I didn't realize that the Junket Rennet Tablets that I had just purchased for the purposes of making fresh mozzarella cheese had expired. By the time I discovered what the numbers on the top of the Junket box meant, which was that the tablets had expired in February, it was too late. I had already discarded a batch of would-be cheese that never produced good curds and another that never achieved a "clean break" -- the separation between the curds (the white matter on top) and the whey (the liquid beneath). You can picture my disappointment when my third attempt, this time with active rennet, did not yield a good result either.
During this effort, I could not get the cheese to roll into the smooth, shiny and pliable ball I was expecting. While the "mozzarella" cheese was delicious and attractive and could be molded and chilled into a firm ball, it lacked the elasticity and melting qualities of premium fresh mozzarella cheese, such as that sold in gourmet stores and cheese shops. After some exploration, I became convinced that my mozzarella problems rested squarely in the supermarket milk I had used. Although the milk was not ultra-pasteurized, that is, pasteurized to higher than normal temperatures (a no-no in cheese making); the milk still was likely to have been pasteurized at too high a temperature to make proper mozzarella curds.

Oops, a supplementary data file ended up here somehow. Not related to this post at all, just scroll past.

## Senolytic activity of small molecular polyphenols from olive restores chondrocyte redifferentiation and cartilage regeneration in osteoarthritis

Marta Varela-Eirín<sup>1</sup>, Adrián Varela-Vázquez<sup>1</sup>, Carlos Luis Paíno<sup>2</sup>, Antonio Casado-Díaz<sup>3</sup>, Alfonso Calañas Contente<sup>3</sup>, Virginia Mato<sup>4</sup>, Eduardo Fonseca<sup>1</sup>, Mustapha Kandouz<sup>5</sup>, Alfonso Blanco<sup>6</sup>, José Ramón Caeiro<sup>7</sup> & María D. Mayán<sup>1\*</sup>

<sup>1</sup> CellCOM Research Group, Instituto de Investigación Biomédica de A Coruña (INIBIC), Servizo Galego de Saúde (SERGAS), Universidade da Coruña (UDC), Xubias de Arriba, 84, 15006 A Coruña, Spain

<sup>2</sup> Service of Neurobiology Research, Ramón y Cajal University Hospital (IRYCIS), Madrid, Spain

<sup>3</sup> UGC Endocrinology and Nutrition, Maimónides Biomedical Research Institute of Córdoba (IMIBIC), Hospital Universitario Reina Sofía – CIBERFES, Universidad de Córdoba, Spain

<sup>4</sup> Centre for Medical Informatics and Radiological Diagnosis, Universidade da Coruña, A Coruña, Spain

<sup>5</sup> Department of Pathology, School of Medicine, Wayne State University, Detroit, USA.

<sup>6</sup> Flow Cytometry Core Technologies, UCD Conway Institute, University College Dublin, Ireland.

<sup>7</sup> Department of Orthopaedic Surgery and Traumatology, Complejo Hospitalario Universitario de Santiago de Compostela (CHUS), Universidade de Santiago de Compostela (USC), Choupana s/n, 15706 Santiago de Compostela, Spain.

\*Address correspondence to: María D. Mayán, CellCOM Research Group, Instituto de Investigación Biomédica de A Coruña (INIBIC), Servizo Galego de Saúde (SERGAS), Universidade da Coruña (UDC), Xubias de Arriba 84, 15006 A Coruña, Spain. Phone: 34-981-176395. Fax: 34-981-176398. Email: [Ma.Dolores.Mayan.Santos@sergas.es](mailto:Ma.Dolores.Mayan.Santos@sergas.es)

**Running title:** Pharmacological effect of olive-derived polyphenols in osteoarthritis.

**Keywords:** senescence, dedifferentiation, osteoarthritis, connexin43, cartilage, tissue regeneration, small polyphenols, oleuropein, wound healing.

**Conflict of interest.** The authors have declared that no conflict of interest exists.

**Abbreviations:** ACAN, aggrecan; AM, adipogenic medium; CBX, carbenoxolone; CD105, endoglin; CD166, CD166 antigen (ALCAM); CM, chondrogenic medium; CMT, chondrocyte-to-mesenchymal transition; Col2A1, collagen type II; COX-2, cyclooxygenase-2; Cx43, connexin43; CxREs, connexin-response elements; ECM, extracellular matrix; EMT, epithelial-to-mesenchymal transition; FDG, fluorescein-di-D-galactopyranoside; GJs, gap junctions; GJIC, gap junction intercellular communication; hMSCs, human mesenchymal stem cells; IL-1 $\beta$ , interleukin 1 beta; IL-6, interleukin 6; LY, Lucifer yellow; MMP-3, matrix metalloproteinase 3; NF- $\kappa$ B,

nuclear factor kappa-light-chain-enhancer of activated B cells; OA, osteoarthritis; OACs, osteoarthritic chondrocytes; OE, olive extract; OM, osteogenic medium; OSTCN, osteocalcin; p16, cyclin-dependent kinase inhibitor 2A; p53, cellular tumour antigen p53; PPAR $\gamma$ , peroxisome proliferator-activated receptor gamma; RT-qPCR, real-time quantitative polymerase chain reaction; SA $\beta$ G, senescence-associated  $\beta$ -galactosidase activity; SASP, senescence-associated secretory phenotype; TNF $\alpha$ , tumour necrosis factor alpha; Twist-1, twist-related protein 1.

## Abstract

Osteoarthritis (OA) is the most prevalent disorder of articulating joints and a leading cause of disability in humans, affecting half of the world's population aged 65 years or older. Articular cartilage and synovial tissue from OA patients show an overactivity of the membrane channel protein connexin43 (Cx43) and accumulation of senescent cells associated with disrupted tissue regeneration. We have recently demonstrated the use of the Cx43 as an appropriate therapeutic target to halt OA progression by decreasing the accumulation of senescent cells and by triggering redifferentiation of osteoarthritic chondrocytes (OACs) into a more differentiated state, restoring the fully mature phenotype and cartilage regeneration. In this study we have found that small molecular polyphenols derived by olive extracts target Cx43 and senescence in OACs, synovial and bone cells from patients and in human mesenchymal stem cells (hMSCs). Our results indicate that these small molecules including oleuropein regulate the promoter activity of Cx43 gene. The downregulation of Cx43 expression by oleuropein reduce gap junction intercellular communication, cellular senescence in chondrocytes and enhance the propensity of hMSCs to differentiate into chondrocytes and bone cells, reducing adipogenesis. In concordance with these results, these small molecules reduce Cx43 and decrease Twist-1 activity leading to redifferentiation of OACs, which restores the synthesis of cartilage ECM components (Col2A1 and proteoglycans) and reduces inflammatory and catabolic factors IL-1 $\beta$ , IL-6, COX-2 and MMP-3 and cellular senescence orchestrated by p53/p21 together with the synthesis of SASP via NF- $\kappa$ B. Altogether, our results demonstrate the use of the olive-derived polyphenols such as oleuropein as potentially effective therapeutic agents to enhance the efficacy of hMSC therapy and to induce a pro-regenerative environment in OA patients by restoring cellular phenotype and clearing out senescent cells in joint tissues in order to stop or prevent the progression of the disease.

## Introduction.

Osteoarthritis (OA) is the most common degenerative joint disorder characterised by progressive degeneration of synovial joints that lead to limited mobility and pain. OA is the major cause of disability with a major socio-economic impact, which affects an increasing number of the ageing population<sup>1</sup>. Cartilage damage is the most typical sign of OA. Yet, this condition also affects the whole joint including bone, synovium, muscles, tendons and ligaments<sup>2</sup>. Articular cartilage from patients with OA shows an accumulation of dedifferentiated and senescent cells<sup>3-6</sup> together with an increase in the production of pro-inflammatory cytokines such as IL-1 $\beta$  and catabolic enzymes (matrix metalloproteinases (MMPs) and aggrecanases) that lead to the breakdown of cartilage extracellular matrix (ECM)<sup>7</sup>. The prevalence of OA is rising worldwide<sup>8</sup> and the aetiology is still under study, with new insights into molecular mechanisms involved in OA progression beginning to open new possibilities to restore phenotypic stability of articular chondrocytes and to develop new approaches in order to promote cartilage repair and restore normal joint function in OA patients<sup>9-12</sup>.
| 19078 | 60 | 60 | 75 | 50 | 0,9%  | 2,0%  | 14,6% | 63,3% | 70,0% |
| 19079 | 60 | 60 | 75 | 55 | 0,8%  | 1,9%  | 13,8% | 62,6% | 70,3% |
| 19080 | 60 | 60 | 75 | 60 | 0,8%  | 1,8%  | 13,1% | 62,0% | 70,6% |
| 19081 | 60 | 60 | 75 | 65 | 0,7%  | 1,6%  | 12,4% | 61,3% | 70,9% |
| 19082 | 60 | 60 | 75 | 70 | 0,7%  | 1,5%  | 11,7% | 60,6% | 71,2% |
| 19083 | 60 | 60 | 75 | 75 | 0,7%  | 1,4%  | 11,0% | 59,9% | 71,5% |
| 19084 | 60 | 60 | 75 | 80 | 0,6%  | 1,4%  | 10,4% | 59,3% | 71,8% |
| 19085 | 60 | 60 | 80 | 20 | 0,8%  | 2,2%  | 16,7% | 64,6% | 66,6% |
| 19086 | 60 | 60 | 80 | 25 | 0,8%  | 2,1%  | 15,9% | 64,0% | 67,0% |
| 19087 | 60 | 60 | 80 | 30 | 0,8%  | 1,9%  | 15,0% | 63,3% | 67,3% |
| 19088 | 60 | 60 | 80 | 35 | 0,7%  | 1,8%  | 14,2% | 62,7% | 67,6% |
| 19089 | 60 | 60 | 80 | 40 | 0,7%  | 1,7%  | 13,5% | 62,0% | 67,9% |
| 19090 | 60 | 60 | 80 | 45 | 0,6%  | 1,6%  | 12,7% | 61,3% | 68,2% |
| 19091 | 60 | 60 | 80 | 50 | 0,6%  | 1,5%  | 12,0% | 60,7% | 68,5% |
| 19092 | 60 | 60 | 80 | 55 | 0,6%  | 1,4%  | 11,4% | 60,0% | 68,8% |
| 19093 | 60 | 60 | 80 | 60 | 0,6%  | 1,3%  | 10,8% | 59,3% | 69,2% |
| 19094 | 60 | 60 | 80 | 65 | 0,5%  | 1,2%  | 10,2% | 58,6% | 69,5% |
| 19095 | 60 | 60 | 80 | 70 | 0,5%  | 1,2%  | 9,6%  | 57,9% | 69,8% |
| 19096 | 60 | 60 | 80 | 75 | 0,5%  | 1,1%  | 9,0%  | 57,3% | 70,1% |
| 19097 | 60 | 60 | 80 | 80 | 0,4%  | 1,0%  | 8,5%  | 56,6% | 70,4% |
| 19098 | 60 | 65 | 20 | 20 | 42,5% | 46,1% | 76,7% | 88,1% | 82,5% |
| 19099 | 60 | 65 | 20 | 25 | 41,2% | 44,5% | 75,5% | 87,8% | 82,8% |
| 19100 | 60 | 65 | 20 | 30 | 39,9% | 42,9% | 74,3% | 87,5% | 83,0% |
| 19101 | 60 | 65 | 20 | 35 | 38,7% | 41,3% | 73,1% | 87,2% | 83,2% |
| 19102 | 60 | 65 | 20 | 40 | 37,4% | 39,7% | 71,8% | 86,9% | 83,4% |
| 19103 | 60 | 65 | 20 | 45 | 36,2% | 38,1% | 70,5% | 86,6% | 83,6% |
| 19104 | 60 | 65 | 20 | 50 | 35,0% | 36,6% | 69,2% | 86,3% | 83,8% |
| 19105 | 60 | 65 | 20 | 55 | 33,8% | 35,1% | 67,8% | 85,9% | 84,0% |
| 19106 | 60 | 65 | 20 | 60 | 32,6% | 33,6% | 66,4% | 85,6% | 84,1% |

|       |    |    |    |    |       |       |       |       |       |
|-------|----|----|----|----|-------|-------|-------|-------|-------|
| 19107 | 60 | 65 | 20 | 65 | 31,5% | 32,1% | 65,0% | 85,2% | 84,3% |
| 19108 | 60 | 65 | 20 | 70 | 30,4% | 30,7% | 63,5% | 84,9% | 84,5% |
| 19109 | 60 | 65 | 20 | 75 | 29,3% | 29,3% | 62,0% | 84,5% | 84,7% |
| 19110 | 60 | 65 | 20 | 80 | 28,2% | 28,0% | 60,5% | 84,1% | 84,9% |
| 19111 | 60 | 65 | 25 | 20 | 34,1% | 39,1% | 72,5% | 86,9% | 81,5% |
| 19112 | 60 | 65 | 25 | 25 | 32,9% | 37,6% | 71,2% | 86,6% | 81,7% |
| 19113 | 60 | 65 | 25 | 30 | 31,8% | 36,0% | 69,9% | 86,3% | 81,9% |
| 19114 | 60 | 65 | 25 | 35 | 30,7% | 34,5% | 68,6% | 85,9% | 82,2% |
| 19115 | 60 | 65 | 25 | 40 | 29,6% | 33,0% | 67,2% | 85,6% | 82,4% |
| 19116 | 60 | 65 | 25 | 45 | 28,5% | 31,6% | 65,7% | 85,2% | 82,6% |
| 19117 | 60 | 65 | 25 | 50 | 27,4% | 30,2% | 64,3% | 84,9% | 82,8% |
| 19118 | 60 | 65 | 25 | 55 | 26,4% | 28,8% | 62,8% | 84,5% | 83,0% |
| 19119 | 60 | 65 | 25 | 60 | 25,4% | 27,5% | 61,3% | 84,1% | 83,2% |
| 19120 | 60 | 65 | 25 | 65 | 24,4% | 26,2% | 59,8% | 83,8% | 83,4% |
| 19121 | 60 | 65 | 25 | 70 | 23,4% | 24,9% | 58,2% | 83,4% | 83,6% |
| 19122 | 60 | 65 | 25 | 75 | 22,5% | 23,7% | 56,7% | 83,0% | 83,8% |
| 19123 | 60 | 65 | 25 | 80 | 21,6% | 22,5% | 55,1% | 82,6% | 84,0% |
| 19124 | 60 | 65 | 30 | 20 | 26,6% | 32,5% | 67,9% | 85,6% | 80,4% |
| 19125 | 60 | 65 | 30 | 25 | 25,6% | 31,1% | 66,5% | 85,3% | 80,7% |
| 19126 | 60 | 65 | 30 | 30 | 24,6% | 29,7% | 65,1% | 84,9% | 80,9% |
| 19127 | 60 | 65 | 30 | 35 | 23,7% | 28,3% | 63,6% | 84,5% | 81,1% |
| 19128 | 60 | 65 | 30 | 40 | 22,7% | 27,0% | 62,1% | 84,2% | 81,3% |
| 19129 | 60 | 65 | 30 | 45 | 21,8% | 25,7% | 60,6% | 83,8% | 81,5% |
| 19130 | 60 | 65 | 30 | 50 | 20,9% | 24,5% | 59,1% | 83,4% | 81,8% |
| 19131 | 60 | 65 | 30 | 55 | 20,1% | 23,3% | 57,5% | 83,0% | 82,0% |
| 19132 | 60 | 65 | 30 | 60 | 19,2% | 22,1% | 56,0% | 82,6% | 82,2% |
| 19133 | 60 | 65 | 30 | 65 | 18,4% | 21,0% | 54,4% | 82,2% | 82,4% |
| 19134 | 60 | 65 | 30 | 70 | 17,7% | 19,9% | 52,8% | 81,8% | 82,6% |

Further study also revealed what cheese making experts have always asserted -- that to make good cheese, you have to begin with really "good (good for making cheese) milk." So, I began my hunt for "good milk" and, lo and behold, found it (grade A pasteurized, non-homogenized milk from Edgefield, South Carolina's Hickory Hill Farm) at a specialty market just a few miles from where I live.
Fortunately, after finding the milk, my fourth (and last) try at making mozzarella ended in triumph, with my cheese looking, tasting and behaving just the way good fresh mozzarella should. I cannot overemphasize what a difference using the non-homogenized milk made.
If you are eager to begin your own cheese making adventure but are worried about your ability to obtain the right kind of milk, you can start out by making creamy, fresh ricotta cheese, which is far more forgiving of the brand of milk you use. (I'll have that recipe for you next week.) Once you see how easy and satisfying it is to make your own fresh cheese, at home, you'll be hooked for life.
Sue Ade is a syndicated food writer with broad experience and interest in the culinary arts. She has worked and resided in the Lowcountry of South Carolina since 1985 and may be reached at email@example.com.